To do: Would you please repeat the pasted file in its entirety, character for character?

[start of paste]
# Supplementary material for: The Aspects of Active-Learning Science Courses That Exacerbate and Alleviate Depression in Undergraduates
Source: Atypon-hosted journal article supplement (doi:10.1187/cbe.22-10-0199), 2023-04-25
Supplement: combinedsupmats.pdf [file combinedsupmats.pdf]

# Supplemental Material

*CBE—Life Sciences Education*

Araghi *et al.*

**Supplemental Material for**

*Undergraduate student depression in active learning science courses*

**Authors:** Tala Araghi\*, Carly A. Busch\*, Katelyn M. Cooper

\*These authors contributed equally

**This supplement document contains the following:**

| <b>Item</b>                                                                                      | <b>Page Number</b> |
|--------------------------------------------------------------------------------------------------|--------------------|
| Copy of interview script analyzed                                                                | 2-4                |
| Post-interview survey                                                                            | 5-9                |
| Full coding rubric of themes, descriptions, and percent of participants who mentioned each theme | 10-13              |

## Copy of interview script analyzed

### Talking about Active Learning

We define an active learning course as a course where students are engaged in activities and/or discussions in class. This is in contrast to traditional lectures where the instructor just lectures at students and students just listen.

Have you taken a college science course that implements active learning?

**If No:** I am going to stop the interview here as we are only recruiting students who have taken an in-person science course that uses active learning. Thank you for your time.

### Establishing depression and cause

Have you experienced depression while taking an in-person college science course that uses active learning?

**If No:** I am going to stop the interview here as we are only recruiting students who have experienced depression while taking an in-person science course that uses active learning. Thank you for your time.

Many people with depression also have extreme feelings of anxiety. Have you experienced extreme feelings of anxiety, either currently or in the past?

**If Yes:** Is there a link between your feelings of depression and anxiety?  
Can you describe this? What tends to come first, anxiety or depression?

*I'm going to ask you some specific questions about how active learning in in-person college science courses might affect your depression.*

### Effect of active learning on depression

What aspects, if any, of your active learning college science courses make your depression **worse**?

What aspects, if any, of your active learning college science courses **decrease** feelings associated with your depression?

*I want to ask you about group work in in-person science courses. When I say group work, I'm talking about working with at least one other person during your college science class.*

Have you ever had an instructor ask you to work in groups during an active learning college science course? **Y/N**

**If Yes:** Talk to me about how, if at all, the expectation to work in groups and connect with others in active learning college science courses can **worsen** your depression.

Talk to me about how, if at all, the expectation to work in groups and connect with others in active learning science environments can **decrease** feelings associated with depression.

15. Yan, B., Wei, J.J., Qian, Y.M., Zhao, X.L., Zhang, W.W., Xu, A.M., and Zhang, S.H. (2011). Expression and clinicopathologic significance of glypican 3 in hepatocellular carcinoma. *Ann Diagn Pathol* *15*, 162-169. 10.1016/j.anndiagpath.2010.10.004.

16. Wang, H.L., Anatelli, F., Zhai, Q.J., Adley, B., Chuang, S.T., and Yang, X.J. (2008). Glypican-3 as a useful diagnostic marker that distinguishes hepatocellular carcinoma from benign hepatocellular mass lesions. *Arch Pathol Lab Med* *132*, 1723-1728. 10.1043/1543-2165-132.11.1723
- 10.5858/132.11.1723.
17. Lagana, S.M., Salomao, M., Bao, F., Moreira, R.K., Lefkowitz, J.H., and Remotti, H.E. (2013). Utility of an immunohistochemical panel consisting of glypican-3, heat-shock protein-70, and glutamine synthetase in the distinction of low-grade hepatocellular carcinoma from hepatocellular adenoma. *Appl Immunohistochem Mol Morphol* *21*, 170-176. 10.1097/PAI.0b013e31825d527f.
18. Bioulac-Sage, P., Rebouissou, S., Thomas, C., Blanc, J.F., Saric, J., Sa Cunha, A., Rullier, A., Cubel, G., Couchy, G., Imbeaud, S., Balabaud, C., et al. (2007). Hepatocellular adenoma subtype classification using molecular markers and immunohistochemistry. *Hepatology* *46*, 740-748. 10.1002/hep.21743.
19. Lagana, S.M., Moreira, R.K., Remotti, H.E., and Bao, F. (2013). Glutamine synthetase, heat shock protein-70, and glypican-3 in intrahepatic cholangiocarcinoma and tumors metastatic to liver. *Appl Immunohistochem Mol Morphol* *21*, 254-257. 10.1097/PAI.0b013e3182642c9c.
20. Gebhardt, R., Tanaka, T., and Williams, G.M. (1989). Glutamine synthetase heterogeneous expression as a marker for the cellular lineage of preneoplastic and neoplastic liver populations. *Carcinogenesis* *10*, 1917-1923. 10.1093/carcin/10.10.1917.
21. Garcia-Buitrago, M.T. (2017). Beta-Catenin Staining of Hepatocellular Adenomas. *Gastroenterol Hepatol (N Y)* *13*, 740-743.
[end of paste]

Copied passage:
# Supplementary material for: The Aspects of Active-Learning Science Courses That Exacerbate and Alleviate Depression in Undergraduates
Source: Atypon-hosted journal article supplement (doi:10.1187/cbe.22-10-0199), 2023-04-25
Supplement: combinedsupmats.pdf [file combinedsupmats.pdf]

# Supplemental Material

*CBE—Life Sciences Education*

Araghi *et al.*

**Supplemental Material for**

*Undergraduate student depression in active learning science courses*

**Authors:** Tala Araghi\*, Carly A. Busch\*, Katelyn M. Cooper

\*These authors contributed equally

**This supplement document contains the following:**

| <b>Item</b>                                                                                      | <b>Page Number</b> |
|--------------------------------------------------------------------------------------------------|--------------------|
| Copy of interview script analyzed                                                                | 2-4                |
| Post-interview survey                                                                            | 5-9                |
| Full coding rubric of themes, descriptions, and percent of participants who mentioned each theme | 10-13              |

## Copy of interview script analyzed

### Talking about Active Learning

We define an active learning course as a course where students are engaged in activities and/or discussions in class. This is in contrast to traditional lectures where the instructor just lectures at students and students just listen.

Have you taken a college science course that implements active learning?

**If No:** I am going to stop the interview here as we are only recruiting students who have taken an in-person science course that uses active learning. Thank you for your time.

### Establishing depression and cause

Have you experienced depression while taking an in-person college science course that uses active learning?

**If No:** I am going to stop the interview here as we are only recruiting students who have experienced depression while taking an in-person science course that uses active learning. Thank you for your time.

Many people with depression also have extreme feelings of anxiety. Have you experienced extreme feelings of anxiety, either currently or in the past?

**If Yes:** Is there a link between your feelings of depression and anxiety?  
Can you describe this? What tends to come first, anxiety or depression?

*I'm going to ask you some specific questions about how active learning in in-person college science courses might affect your depression.*

### Effect of active learning on depression

What aspects, if any, of your active learning college science courses make your depression **worse**?

What aspects, if any, of your active learning college science courses **decrease** feelings associated with your depression?

*I want to ask you about group work in in-person science courses. When I say group work, I'm talking about working with at least one other person during your college science class.*

Have you ever had an instructor ask you to work in groups during an active learning college science course? **Y/N**

**If Yes:** Talk to me about how, if at all, the expectation to work in groups and connect with others in active learning college science courses can **worsen** your depression.

Talk to me about how, if at all, the expectation to work in groups and connect with others in active learning science environments can **decrease** feelings associated with depression.

15. Yan, B., Wei, J.J., Qian, Y.M., Zhao, X.L., Zhang, W.W., Xu, A.M., and Zhang, S.H. (2011). Expression and clinicopathologic significance of glypican 3 in hepatocellular carcinoma. *Ann Diagn Pathol* *15*, 162-169. 10.1016/j.anndiagpath.2010.10.004.

16. Wang, H.L., Anatelli, F., Zhai, Q.J., Adley, B., Chuang, S.T., and Yang, X.J. (2008). Glypican-3 as a useful diagnostic marker that distinguishes hepatocellular carcinoma from benign hepatocellular mass lesions. *Arch Pathol Lab Med* *132*, 1723-1728. 10.1043/1543-2165-132.11.1723
- 10.5858/132.11.1723.
17. Lagana, S.M., Salomao, M., Bao, F., Moreira, R.K., Lefkowitz, J.H., and Remotti, H.E. (2013). Utility of an immunohistochemical panel consisting of glypican-3, heat-shock protein-70, and glutamine synthetase in the distinction of low-grade hepatocellular carcinoma from hepatocellular adenoma. *Appl Immunohistochem Mol Morphol* *21*, 170-176. 10.1097/PAI.0b013e31825d527f.
18. Bioulac-Sage, P., Rebouissou, S., Thomas, C., Blanc, J.F., Saric, J., Sa Cunha, A., Rullier, A., Cubel, G., Couchy, G., Imbeaud, S., Balabaud, C., et al. (2007). Hepatocellular adenoma subtype classification using molecular markers and immunohistochemistry. *Hepatology* *46*, 740-748. 10.1002/hep.21743.
19. Lagana, S.M., Moreira, R.K., Remotti, H.E., and Bao, F. (2013). Glutamine synthetase, heat shock protein-70, and glypican-3 in intrahepatic cholangiocarcinoma and tumors metastatic to liver. *Appl Immunohistochem Mol Morphol* *21*, 254-257. 10.1097/PAI.0b013e3182642c9c.
20. Gebhardt, R., Tanaka, T., and Williams, G.M. (1989). Glutamine synthetase heterogeneous expression as a marker for the cellular lineage of preneoplastic and neoplastic liver populations. *Carcinogenesis* *10*, 1917-1923. 10.1093/carcin/10.10.1917.
21. Garcia-Buitrago, M.T. (2017). Beta-Catenin Staining of Hepatocellular Adenomas. *Gastroenterol Hepatol (N Y)* *13*, 740-743.